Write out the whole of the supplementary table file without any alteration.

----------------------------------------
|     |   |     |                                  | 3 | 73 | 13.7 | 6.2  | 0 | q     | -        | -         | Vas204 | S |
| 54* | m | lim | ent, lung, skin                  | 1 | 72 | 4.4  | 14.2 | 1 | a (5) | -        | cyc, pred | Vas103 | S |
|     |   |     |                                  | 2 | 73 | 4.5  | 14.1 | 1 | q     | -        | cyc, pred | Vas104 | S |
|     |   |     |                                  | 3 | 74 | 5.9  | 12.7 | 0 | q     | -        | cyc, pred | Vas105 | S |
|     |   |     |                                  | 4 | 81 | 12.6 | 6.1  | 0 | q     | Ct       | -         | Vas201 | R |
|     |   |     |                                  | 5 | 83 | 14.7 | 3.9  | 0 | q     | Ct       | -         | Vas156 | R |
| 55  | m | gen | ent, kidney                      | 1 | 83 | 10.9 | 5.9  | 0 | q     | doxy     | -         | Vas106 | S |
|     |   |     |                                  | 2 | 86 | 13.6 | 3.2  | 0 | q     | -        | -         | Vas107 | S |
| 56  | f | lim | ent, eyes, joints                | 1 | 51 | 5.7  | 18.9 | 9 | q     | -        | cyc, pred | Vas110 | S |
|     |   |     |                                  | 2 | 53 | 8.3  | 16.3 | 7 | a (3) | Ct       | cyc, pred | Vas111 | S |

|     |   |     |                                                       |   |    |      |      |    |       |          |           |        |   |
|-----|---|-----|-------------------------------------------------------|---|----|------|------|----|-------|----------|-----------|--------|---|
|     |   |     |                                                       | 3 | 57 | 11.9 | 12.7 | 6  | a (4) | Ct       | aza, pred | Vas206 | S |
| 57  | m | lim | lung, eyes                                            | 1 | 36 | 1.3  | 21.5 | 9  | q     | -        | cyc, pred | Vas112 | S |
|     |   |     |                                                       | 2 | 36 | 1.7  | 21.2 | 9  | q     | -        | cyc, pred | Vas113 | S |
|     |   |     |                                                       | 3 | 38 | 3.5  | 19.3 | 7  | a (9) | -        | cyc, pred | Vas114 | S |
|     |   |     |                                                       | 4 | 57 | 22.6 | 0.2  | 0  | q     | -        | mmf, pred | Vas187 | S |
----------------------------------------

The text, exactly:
|     |   |     |                                  | 3 | 73 | 13.7 | 6.2  | 0 | q     | -        | -         | Vas204 | S |
| 54* | m | lim | ent, lung, skin                  | 1 | 72 | 4.4  | 14.2 | 1 | a (5) | -        | cyc, pred | Vas103 | S |
|     |   |     |                                  | 2 | 73 | 4.5  | 14.1 | 1 | q     | -        | cyc, pred | Vas104 | S |
|     |   |     |                                  | 3 | 74 | 5.9  | 12.7 | 0 | q     | -        | cyc, pred | Vas105 | S |
|     |   |     |                                  | 4 | 81 | 12.6 | 6.1  | 0 | q     | Ct       | -         | Vas201 | R |
|     |   |     |                                  | 5 | 83 | 14.7 | 3.9  | 0 | q     | Ct       | -         | Vas156 | R |
| 55  | m | gen | ent, kidney                      | 1 | 83 | 10.9 | 5.9  | 0 | q     | doxy     | -         | Vas106 | S |
|     |   |     |                                  | 2 | 86 | 13.6 | 3.2  | 0 | q     | -        | -         | Vas107 | S |
| 56  | f | lim | ent, eyes, joints                | 1 | 51 | 5.7  | 18.9 | 9 | q     | -        | cyc, pred | Vas110 | S |
|     |   |     |                                  | 2 | 53 | 8.3  | 16.3 | 7 | a (3) | Ct       | cyc, pred | Vas111 | S |

|     |   |     |                                                       |   |    |      |      |    |       |          |           |        |   |
|-----|---|-----|-------------------------------------------------------|---|----|------|------|----|-------|----------|-----------|--------|---|
|     |   |     |                                                       | 3 | 57 | 11.9 | 12.7 | 6  | a (4) | Ct       | aza, pred | Vas206 | S |
| 57  | m | lim | lung, eyes                                            | 1 | 36 | 1.3  | 21.5 | 9  | q     | -        | cyc, pred | Vas112 | S |
|     |   |     |                                                       | 2 | 36 | 1.7  | 21.2 | 9  | q     | -        | cyc, pred | Vas113 | S |
|     |   |     |                                                       | 3 | 38 | 3.5  | 19.3 | 7  | a (9) | -        | cyc, pred | Vas114 | S |
|     |   |     |                                                       | 4 | 57 | 22.6 | 0.2  | 0  | q     | -        | mmf, pred | Vas187 | S |